That's enough for tonight's rant. My perspective may be skewed by living in small markets for most of my life. I get on a plane and assume that 94% of my fellow passengers are also making a connection, so I may overvalue the importance of connecting traffic...



I agree 100% it's more about what the airports and cities do for the airlines to keep them there as said ATL, SLC and CLT are all examples of cities that sustain much larger hubs than their local markets would dictate but yet they all thrive and survive.


Ok, ATL is one of the largest O&D airports in the country. It does not even belong in the same sentence as SLC and CLT despite your constant attempts to slight it. Every hub is over served (EVERY SINGLE ONE), but get real man.
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ahj2000
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Thu Jan 19, 2017 5:17 pm

A few things about CLT and SLC:
1) Both have ridiculously high O&D fares. Both have large finance businesses (CLT is the US's #2 banking city), and SLC has the Mormon mission traffic going for it (something not to be ignored)
2) They are the cheapest hubs by pax enplanement. They keep costs down because they know that AA and DL can choose to send pax over different hubs for many traffic flows. Look at PIT for what happens if your costs spike too much- no hub and an empty terminal.
3) Both are wealthier areas, and have a larger O&D:population ratio because of it.
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flyoregon
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Re: Smaller Hub Cities?

Thu Jan 19, 2017 5:18 pm

SLCUT2777 wrote:
The big thing to understand about DL & SLC is the population of the Wasatch Front has more than doubled since Western Airlines began utilizing it 35 years ago. By comparison CVG, STL, PIT, CLE & even MEM have become much more stagnant. According to the SLC airport website, SLC handled over 23 million passengers in 2016 with roughly a 50/50 split between connecting and O&D passengers. If SLC were more stagnant in population growth, DL would have pulled the hub plug long ago.


The big thing you have to remember about SLC is that it's a hub because of where it is. It's certainly not the population. Sure, the Wasatch Front is growing, but SLC is very lucky to have a hub, especially a hub for Delta, and the reason is...location. Argue all you want about skiing, national parks, whatever. You have to admit that SLC is extremely lucky to have TATL flights to LHR, CDG and AMS (on 2 carriers no less).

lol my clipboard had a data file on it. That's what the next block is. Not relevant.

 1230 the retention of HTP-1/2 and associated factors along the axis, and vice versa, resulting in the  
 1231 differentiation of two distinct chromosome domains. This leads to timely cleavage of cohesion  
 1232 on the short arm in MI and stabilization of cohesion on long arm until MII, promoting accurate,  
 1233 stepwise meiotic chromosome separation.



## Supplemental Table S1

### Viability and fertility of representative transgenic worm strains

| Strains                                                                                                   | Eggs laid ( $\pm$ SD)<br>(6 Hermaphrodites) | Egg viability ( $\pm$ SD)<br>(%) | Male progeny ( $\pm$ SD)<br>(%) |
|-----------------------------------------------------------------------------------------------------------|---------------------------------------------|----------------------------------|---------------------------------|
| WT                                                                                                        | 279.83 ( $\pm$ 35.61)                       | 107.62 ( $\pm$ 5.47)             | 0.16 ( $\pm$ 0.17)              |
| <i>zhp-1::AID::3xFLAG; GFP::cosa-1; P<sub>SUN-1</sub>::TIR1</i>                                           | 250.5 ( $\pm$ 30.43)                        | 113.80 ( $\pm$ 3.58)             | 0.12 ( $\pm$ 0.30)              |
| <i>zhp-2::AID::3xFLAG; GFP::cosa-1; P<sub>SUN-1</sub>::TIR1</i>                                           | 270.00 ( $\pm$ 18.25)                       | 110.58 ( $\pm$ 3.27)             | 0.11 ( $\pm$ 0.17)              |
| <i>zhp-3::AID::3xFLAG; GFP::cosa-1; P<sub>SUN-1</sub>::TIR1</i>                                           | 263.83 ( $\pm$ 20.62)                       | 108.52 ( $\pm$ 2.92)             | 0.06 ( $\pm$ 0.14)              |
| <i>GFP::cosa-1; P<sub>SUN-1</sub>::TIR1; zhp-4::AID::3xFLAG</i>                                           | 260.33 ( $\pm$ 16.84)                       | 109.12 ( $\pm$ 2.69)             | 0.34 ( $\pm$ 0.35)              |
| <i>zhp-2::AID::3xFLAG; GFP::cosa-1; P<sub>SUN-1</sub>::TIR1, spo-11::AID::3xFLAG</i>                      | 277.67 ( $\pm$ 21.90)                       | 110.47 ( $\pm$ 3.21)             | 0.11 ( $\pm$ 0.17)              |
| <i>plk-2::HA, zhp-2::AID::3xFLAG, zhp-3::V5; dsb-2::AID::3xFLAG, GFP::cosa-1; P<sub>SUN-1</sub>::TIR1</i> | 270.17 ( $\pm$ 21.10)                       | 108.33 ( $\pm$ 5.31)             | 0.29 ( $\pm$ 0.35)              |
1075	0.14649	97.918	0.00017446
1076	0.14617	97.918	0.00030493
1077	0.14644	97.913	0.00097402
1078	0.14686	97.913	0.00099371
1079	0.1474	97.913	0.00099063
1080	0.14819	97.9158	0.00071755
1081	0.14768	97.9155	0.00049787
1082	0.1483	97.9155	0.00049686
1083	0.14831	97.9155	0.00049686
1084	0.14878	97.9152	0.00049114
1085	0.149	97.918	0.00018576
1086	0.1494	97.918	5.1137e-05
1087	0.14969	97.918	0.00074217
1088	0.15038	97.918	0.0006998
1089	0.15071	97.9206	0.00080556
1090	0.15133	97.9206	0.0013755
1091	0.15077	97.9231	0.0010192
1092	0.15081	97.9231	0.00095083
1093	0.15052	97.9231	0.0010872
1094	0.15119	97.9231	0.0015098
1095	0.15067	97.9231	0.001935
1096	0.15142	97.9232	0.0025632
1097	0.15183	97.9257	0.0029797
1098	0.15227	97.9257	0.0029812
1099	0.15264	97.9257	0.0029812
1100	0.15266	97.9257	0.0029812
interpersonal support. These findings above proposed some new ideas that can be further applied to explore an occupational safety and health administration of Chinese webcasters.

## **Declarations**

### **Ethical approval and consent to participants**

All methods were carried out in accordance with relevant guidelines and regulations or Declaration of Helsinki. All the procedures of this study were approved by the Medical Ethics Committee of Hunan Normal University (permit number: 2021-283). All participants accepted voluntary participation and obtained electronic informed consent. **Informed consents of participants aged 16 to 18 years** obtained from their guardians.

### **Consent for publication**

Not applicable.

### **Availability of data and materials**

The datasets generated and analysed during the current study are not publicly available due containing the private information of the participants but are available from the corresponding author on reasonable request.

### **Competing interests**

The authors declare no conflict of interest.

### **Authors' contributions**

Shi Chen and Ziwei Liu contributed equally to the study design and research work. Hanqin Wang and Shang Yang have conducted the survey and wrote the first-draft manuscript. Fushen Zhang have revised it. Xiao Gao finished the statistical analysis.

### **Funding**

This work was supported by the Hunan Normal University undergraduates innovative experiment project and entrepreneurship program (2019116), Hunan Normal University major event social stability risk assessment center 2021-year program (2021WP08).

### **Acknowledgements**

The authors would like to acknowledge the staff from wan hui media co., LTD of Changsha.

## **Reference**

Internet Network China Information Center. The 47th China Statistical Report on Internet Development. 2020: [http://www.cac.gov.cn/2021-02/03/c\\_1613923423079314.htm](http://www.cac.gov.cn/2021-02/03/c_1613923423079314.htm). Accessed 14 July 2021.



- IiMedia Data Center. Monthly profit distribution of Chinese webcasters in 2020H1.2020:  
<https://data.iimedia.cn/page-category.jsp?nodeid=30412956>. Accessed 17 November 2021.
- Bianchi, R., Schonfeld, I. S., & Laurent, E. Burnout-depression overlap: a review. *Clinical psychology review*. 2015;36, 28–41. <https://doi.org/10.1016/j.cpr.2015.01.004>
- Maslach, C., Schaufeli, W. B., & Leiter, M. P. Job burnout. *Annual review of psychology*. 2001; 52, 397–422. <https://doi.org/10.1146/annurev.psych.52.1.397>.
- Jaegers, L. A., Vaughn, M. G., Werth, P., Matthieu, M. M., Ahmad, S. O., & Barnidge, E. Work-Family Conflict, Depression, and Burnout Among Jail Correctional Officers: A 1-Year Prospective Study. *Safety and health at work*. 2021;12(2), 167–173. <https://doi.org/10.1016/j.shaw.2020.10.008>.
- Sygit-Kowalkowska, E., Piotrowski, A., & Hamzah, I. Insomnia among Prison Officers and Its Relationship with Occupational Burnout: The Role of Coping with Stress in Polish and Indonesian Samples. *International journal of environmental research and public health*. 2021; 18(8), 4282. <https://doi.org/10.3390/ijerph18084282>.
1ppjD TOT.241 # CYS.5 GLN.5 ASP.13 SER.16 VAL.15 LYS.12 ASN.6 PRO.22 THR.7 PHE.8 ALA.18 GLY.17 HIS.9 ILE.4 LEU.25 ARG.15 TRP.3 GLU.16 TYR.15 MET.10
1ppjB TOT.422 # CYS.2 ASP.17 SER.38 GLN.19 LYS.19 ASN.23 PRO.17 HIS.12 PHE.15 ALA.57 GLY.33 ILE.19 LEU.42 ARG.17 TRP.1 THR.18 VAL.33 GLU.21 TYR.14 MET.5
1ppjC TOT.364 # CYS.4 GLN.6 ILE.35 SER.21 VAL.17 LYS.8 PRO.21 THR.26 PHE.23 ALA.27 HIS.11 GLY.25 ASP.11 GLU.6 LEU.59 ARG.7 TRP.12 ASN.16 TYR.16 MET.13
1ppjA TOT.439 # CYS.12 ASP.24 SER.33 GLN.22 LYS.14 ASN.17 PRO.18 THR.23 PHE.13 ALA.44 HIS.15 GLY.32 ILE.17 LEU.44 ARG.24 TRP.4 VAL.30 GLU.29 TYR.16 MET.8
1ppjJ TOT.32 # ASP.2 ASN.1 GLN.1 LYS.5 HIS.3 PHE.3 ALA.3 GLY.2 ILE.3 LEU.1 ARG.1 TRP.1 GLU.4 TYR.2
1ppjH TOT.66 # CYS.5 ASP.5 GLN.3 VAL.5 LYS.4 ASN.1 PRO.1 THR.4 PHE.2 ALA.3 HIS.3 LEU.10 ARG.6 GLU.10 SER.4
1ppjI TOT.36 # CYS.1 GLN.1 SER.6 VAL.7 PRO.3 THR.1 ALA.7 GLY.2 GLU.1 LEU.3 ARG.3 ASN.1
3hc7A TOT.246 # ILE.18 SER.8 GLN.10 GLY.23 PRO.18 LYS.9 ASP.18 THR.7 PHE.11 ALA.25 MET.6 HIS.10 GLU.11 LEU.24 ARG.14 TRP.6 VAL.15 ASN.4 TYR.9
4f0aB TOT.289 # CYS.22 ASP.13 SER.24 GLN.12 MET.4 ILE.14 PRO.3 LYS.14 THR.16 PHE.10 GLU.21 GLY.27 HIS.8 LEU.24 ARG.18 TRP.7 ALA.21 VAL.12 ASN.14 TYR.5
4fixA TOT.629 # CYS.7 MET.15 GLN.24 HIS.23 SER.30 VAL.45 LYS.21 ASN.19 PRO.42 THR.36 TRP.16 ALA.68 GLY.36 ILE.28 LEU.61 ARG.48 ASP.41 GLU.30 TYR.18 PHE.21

And the argument for SLC that the LDS Church is a major factor into the success of the hub is rubbish. The church certainly uses Delta primarily, but that's because that's the best option. And yes, the church has a lot of travel with missionaries leaving each week as well as other church officials traveling, but it's not an overwhelming amount.
Last edited by flyoregon on Thu Jan 19, 2017 5:24 pm, edited 1 time in total.
 
rajincajun01
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Re: Smaller Hub Cities?

Thu Jan 19, 2017 5:22 pm

alexrg wrote:
RDU was significantly smaller of a metro in the AA hub days. The population has doubled and many companies have bases there now creating O&D now.


The funny thing is that AA still operates a nonstop flight from RDU to London-Heathrow, suggesting they know that there is enough O&D traffic from RDU to warrant an international flight no other non-AA hub gets. Strange...


It's actually not strange. Raleigh-Durham is a major tech and pharmaceutical hub for companies that have bases in London and Germany. There is also a huge Indian population that use the flight if they have a visa.

AA is upgrading the route to a 777 in March and DL is upgrading their CDG route to a 767 in May.

Nearly 20% of all travelers through RDU are international travel as of 2015.
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Rajahdhani
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Re: Smaller Hub Cities?

Thu Jan 19, 2017 6:03 pm

Cause;

VetteDude wrote:
Speaking for CLE though, the hub got axed quickly because United needed to cut RJ45 flying, and they had to do it quick.


Effect;

VetteDude wrote: